to undergo intracellular modification and to act in a similar Therapeutically useful inhibitors of protein synthesis include many of the naturally occurring antibiotics, such as chloram- Ethambutol, a slow acting and primarily bacteriostatic phenicol, tetracyclines, aminoglycosides, fusidic acid, antimycobacterial agent, inhibits arabinosyl transferases. These macrolides, lincosamides and streptogramins. Some newer enzymes bring about the polymerization of arabinose to form agents, including mupirocin and the oxazolidinones, also act arabinan, a polysaccharide component of the core polymers of Chloramphenicol
The molecular target for chloramphenicol is the peptidyl trans- ferase enzyme that links amino acids in the growing peptidechain. The effect of the antibiotic is thus to freeze the process The amazing process by which the genetic message in DNA is of chain elongation, bringing bacterial growth to an abrupt halt.
translated into large and unique protein molecules is univer- The process is completely reversible, and chloramphenicol is sal; in prokaryotic, as in eukaryotic cells, the workbench is the fundamentally a bacteristatic agent. The binding of chloram- ribosome, composed of two distinct subunits, each a complex phenicol to the 50S subunit of 70S ribosomes is highly specif- of ribosomal RNA (rRNA) and numerous proteins. However, ic. The basis for the rare, but fatal, marrow aplasia associated bacterial ribosomes are open to selective attack because they with this compound is not therefore a generalized effect on differ from their mammalian counterparts in both protein and mammalian protein synthesis, although mitochondrial ribo- RNA content; indeed they can be readily distinguished in the somes, which are similar to those of bacteria, may be involved.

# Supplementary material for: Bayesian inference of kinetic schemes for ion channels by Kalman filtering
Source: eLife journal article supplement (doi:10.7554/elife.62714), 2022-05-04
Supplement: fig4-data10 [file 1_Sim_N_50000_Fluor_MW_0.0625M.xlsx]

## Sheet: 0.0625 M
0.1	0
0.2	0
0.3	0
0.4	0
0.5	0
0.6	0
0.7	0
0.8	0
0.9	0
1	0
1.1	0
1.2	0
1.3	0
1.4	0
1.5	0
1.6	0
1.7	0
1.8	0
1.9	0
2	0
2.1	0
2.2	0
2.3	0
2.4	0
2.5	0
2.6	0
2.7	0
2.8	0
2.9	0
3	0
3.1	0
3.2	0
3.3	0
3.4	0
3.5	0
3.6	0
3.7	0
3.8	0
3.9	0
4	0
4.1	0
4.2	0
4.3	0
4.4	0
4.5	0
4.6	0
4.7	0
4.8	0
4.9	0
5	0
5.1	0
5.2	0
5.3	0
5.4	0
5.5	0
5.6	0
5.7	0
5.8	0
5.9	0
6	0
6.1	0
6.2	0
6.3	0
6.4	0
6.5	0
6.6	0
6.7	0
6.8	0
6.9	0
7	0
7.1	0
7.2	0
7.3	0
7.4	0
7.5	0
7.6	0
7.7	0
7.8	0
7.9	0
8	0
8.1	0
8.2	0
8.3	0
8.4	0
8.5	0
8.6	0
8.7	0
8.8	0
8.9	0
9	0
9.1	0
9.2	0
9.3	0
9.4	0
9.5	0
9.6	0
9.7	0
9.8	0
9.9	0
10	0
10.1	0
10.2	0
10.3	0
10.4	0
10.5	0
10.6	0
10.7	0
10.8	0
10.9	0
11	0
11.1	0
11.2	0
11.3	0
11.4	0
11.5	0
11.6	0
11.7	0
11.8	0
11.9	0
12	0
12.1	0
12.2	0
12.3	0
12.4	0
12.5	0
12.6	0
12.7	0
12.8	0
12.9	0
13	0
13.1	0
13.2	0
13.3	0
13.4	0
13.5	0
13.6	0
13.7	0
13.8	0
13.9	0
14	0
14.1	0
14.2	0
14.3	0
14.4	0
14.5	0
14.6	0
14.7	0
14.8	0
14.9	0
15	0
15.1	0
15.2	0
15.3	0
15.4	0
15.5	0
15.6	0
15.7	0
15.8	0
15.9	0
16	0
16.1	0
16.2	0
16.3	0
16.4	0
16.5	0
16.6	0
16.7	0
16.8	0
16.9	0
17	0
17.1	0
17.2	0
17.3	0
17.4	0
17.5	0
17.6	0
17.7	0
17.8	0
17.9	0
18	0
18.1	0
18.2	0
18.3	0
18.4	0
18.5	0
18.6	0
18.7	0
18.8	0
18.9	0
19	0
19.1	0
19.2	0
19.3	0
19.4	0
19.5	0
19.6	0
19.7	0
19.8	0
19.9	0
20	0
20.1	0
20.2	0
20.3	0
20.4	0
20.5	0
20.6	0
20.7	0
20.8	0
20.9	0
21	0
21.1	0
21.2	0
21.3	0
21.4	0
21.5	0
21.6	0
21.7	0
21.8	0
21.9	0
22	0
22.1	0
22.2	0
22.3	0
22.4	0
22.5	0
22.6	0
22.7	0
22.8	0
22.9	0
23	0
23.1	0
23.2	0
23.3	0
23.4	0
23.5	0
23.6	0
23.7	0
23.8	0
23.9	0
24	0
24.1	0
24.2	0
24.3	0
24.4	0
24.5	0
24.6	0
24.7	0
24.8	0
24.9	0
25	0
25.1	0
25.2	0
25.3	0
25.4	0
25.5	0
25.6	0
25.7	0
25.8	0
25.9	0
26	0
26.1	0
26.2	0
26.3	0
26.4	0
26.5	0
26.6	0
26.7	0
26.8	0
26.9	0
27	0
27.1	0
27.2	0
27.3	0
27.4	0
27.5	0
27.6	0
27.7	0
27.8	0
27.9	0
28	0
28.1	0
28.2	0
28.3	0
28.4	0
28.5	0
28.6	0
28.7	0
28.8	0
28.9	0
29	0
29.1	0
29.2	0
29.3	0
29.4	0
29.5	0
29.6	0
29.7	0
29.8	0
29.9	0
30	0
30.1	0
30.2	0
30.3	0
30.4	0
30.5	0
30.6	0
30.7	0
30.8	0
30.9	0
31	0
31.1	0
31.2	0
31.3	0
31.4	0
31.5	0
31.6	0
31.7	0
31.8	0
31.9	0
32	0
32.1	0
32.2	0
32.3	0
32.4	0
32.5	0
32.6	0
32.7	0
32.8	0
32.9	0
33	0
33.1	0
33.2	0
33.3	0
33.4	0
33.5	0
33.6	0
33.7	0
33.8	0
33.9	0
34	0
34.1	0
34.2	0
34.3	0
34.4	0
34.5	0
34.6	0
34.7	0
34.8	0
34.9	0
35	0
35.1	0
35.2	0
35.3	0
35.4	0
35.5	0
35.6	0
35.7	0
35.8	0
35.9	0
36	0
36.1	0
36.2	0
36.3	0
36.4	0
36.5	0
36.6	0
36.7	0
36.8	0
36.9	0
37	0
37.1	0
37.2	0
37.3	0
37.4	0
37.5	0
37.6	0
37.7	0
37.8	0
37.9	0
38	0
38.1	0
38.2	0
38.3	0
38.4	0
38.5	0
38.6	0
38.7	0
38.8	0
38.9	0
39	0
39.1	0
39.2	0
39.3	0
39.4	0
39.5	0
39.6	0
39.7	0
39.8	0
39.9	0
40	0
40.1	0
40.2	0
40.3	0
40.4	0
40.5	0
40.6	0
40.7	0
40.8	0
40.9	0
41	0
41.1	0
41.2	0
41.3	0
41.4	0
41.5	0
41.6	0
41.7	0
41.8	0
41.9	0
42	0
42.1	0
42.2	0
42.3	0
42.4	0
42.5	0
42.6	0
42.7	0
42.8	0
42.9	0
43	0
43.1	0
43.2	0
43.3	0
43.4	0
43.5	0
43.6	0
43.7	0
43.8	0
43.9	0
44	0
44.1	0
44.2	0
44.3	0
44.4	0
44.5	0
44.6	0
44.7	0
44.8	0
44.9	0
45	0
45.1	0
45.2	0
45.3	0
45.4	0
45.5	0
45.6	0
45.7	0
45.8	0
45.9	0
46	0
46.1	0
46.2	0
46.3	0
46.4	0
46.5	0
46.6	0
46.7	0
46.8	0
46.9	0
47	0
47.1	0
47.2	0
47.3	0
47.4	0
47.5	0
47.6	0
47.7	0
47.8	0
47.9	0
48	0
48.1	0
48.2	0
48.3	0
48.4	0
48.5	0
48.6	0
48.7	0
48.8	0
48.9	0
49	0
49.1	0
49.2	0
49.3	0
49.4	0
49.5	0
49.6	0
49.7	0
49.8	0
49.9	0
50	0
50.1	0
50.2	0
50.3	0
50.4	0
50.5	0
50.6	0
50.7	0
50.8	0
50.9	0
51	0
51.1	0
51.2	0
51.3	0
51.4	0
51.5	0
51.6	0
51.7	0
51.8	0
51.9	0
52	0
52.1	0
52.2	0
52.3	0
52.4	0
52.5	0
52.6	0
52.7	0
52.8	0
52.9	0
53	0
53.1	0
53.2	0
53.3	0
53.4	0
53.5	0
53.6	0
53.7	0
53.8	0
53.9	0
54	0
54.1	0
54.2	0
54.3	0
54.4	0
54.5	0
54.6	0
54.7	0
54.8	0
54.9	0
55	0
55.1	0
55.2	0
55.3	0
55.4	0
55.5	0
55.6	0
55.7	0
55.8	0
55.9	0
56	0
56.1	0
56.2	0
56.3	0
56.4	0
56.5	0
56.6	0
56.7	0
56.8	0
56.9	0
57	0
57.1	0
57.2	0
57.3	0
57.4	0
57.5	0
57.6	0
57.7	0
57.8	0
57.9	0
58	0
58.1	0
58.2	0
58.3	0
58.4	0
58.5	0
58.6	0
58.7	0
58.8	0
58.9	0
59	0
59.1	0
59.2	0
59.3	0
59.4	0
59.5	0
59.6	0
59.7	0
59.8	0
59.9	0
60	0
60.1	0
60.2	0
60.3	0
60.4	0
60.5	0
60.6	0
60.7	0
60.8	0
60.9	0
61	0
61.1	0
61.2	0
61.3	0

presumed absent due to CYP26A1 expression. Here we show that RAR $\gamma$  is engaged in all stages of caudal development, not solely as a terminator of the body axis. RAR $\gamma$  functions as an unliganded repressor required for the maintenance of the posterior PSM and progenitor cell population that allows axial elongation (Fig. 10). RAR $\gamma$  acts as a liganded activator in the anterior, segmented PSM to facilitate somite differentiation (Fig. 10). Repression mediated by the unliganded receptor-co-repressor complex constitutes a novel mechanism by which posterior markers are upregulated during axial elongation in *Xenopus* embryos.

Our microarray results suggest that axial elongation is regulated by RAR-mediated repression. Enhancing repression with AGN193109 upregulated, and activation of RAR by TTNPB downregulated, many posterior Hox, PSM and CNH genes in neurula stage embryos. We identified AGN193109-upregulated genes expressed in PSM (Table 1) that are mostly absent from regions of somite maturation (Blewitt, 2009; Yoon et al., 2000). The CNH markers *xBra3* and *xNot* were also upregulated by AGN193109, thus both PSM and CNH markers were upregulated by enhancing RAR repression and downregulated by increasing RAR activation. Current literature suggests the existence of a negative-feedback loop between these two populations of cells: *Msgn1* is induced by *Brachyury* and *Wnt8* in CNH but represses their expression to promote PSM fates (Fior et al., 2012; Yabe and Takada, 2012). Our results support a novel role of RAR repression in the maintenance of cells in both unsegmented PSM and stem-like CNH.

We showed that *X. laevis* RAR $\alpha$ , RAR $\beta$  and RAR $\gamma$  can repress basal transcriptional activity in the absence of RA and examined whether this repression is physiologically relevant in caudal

ultracentrifuge: bacterial ribosomes exhibit a sedimentationcoefficient of 70S (composed of 30S and 50S subunits), Tetracyclines
whereas mammalian ribosomes display a coefficient of 80S(composed of 40S and 60S subunits).
Antibiotics of the tetracycline group are actively transported In the first stage of bacterial protein synthesis, messenger into bacterial cells and attach to 30S ribosomal subunits in RNA (mRNA), transcribed from the appropriate region of such a manner as to prevent binding of incoming aminoacyl- 02-Finch-ch2-pp 20/5/2002 12:50 pm Page 16 C H A P T E R 2 M O D E S O F A C T I O N Linezolid
accurate reading of genetic code and association of peptidyl- tRNA Amikacin
Fusidic acid

Fig. 2.4 The process of protein synthesis and the steps inhibited by various antibacterial agents. (Adapted from Chopra I, GreenwoodD, Antibacterial agents: basis of action, in: Encyclopedia of Life Sciences, Nature Publishing Group, London: PERMISSIONNOT YET RECEIVED.
tRNA to the A site.9 The effect is to halt chain elongation and, one site on the ribosome, whereas streptomycin binds in a 1:1 like chloramphenicol, these antibiotics are predominantly bac- ratio at a unique site. One consequence of this is that single- step, high-level resistance to streptomycin, which is due to a Tetracyclines also penetrate into mammalian cells (indeed, change in a specific protein of the 30S ribosomal subunit, does the effect on chlamydiae depends on this) and can interfere not extend to other aminoglycosides.
with protein synthesis on eukaryotic ribosomes. Fortunately, Elucidation of the mode of action of aminoglycosides has cytoplasmic ribosomes are not affected at the concentrations been complicated by the need to reconcile a variety of enig- achieved during therapy, although mitochondrial ribosomes are. The selective toxicity of tetracyclines thus presents some-thing of a puzzle, the solution to which is presumably that these ● Streptomycin and other aminoglycosides cause misreading antibiotics are not actively concentrated by mitochondria as of mRNA on the ribosome while paradoxically halting pro- they are by bacteria and concentrations reached are insufficient tein synthesis completely by interfering with the formation ● Inhibition of protein synthesis by aminoglycosides leads not just to bacteriostasis as with, for example, tetracycline Aminoglycosides
or chloramphenicol, but also to rapid cell death.